1 Corinthians 11:3 expresses that “the head of the woman is man,” but Dr. Belleville points out that us 21st century readers too quickly think of “head” as in-charge and says that “head” in verse 3 is more in the sense of “source” (as in headwaters), pointing to verse 8 which refers to woman coming from man, rather than man coming from woman.
Complementarians also frequently quote 1 Corinthians 11:9-10, sometimes chopping off the last part of verse 10 and often using select translations, such as this from the NASB:
“man was not created for the woman’s sake, but woman for the man’s sake. Therefore the woman ought to have a symbol of authority on her head”
But here are examples of other translations of 1 Corinthians 11:9-10:
So there is disagreement over the appropriate translation. Should we use this verse to declare women subordinate to men?
What about verses in Biblical books with highly disputed authorship (like Ephesians and 1 and 2 Timothy)? Should they be used to insist that women be subordinate to men?
What about submission? Ephesians, in the passage directed to husbands and wives to which complementarians point, begins with “submit to one another out of reverence for Christ.” (5:21) Again, an indication of a helper in the nature of a “strong partner,” not a subordinate.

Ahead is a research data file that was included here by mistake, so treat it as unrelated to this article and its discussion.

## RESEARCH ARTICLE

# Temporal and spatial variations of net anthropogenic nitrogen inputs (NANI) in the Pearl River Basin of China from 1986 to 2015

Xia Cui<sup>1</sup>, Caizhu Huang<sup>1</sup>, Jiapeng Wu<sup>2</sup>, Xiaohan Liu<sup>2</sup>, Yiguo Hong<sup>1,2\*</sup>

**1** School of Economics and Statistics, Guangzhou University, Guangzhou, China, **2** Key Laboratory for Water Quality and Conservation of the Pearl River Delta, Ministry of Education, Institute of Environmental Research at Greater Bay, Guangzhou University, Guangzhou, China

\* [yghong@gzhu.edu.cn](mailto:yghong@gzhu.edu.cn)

And 1 Corinthians 11:11-12, the very next verses in 1 Corinthians after the ones to which complementarians like to point, says:
Nevertheless, in the Lord woman is not independent of man, nor is man independent of woman. For as woman came from man, so also man is born of woman.
But everything comes from God.
Sources & Notes
complementarian view: “‘submissive assistance … with ‘the female functioning in a submissive role …’”: https://cbmw.org/uncategorized/summaries-of-the-egalitarian-and-complementarian-positions/
Ezer section and after: Linda L. Belleville, “Women in Ministry: An Egalitarian Perspective,” in Two Views on Women in Ministry (Revised Edition), ed. by Stanley N. Gundry (series editor) Grand Rapids: Zondervan (2005), page 27; 33-35 (rule over)
“Head” (kephalē in Greek) in 1 Cor 11:3 could mean (a) source (as in headwater), (b) first representative of (non-hierarchical) (as in head of a line of kids at school), (c) authority over (as in head of a company), (d) a physical head (as in the head on your body), or have another meaning.
If you read 1 Cor 11:1-17, you can see that Paul is trying for some analogy, metaphor, and word-play using heads (he’s talking about being the head of and shaving heads and dishonoring your head and …. And image of and glory of …. “).
In other words, it is immediately clear that Paul is going for a word play.